Finally, things started to happen again. After ages and ages sieging Berlin, Caesar finally pushed through and took the city – importantly, also capturing Chichen Itza to remove that advantage from Frederick’s arsenal, and probably marking a tipping point in their war. Meanwhile, Hammurabi and Elizabeth signed peace, Hammurabi’s big move having gained him only a useless, culturally squeezed size 1 city while costing quite a bit of effort. But Liz was still at war with Suleiman, and this peace treaty freed her up to finally go after his final city again. At this point she had a tech edge over him, plus four cities to one, and that was enough to finally do him in at the very late date of Turn 228.
I believe this takes the record as the latest First to Die in AI Survivor history. [Almost but not quite: Season 2 Game Three had a First to Die on Turn 241 and Season 3 Game Two had a First to Die on Turn 286! Common theme of these games? Gandhi was present in all of them!] Poor Suleiman really didn’t do anything wrong this game, and was off to a good start, but then was the unfortunate target of the ol’ Praetorian smackdown, through no fault of his own. Caesar briefly converted to an opposing religion, and for that brief window he was probably just as likely to attack Suleiman as he was his other neighbor, Frederick, so he chose to go for the neighbor that was exerting cultural pressure on him. Suleiman really looked like he should’ve been a dominant force this game, but it just didn’t work out for him. Elizabeth was rewarded for her persistence by getting a kill credit, although all she had gained from this entire war was a single city – that final Ottoman city would be flipping to Gandhi.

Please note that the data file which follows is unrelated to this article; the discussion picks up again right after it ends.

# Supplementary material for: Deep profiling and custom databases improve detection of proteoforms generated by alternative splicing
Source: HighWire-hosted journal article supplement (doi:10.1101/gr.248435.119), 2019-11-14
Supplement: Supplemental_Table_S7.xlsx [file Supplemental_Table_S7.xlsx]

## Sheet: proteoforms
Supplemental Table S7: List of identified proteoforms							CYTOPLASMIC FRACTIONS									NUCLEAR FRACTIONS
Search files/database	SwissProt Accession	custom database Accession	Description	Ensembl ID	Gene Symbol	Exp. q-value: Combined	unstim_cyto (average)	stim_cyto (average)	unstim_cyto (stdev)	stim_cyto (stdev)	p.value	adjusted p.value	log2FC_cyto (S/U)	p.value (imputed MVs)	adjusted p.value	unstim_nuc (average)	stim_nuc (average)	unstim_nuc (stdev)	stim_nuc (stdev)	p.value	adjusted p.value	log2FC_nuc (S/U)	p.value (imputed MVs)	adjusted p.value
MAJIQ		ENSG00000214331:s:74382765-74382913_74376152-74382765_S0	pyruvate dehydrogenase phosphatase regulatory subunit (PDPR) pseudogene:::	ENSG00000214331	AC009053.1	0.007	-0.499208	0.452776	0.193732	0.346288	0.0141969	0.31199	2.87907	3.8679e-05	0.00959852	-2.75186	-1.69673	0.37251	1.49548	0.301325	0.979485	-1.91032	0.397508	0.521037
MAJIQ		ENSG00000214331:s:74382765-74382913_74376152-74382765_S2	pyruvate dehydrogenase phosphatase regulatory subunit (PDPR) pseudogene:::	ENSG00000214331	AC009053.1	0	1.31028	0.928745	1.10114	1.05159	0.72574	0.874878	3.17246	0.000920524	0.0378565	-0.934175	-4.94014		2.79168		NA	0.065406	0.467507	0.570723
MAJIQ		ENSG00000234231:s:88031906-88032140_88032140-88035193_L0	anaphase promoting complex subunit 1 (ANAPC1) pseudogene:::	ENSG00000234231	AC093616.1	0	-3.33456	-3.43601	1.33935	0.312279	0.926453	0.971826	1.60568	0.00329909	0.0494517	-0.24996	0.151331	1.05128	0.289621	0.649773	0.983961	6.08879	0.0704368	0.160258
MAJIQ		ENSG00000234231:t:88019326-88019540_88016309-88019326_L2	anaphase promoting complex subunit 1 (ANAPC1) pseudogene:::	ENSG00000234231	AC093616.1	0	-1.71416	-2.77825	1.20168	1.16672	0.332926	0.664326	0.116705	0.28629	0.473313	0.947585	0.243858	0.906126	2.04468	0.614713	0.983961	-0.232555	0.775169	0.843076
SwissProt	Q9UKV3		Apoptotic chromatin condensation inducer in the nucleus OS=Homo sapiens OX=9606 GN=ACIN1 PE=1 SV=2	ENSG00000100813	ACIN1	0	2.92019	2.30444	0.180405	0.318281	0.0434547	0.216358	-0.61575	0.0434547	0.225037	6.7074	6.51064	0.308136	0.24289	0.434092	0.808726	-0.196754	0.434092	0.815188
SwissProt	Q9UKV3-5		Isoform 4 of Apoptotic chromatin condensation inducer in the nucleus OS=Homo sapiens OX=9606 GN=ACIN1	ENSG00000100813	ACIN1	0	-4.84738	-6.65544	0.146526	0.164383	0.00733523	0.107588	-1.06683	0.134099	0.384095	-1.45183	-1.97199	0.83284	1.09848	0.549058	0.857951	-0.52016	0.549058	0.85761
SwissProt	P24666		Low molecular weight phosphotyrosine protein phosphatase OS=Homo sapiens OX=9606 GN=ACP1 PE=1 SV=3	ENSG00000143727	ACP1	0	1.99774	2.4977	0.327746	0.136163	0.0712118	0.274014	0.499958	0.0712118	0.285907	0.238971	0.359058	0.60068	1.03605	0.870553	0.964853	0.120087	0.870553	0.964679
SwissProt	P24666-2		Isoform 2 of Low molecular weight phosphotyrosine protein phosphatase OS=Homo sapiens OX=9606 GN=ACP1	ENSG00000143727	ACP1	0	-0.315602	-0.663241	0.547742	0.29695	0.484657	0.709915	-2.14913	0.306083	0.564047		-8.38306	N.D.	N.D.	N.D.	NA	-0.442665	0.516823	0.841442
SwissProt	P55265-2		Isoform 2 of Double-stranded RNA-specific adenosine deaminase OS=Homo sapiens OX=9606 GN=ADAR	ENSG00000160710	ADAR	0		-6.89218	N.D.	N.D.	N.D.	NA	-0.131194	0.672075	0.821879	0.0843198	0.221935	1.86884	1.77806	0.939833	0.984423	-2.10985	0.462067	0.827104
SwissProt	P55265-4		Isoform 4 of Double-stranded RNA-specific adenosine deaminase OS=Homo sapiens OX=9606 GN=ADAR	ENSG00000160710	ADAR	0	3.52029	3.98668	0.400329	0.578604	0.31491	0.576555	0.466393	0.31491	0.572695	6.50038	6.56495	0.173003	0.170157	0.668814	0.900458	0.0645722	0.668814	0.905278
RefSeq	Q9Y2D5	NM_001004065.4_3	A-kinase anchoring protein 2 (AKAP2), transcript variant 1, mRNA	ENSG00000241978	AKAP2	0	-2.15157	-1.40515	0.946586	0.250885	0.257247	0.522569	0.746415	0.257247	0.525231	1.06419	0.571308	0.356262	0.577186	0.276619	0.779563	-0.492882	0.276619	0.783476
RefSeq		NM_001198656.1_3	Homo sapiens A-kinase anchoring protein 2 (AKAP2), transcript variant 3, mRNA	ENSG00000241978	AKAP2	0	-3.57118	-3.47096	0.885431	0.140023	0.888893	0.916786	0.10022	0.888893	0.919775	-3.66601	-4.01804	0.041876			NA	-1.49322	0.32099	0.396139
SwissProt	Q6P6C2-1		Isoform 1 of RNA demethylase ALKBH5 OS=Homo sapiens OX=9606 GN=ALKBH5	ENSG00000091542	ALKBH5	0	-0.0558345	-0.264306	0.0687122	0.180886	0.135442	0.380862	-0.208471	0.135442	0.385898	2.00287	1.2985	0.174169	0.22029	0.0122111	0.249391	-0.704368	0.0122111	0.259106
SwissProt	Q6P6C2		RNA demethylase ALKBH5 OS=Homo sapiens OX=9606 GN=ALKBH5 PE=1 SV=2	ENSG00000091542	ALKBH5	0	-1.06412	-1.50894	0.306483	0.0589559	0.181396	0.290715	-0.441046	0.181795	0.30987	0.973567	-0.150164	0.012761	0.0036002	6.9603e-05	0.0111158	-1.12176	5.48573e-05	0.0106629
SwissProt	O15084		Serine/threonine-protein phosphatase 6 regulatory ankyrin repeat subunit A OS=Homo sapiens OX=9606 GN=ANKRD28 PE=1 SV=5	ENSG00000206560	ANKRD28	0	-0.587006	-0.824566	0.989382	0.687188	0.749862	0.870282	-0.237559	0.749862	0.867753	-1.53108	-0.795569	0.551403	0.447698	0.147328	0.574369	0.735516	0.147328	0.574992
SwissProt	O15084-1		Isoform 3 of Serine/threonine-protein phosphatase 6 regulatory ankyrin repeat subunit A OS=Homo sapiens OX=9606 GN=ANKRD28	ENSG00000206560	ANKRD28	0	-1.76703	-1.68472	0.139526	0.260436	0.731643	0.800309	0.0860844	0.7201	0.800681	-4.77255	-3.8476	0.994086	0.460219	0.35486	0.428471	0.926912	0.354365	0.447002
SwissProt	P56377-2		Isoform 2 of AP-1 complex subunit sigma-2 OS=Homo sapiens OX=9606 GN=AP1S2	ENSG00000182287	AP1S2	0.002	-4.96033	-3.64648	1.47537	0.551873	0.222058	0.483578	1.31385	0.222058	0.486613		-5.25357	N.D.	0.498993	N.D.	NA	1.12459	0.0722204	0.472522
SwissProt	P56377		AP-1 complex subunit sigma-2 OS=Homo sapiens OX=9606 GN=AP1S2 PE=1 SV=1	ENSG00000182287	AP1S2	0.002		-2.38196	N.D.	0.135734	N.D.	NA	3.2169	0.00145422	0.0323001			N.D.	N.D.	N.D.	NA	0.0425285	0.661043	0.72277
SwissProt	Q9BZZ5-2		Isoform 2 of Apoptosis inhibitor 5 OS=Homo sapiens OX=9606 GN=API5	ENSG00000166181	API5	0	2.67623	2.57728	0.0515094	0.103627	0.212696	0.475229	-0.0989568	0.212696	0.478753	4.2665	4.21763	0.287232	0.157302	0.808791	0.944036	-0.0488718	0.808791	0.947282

At this point in the game, the final result looked pretty clear – Gandhi was far ahead and had his choice of Spaceship or Cultural victory, while with Caesar’s inevitable conquest of Germany continuing, he was in an unassailable second place. At this point, the only questions were just how soon the game would end, how Gandhi would win, and how many leaders would survive to the Wildcard game. There wasn’t much to watch for the next while – Caesar continued taking German cities, but not a lot else was happening. Gandhi did complete the UN and get easily elected Secretary-General, but it looked unlikely that Hammurabi would give him the support he needed to win a Diplomatic victory, and Gandhi didn’t bring up the resolution anyway, leaving the UN as a simple side distraction. Eventually, Caesar reached a tipping point in the war against Frederick, as Germany simply had too few cities to reinforce, leading to the last few falling very quickly. Freddy exited the game in fifth place: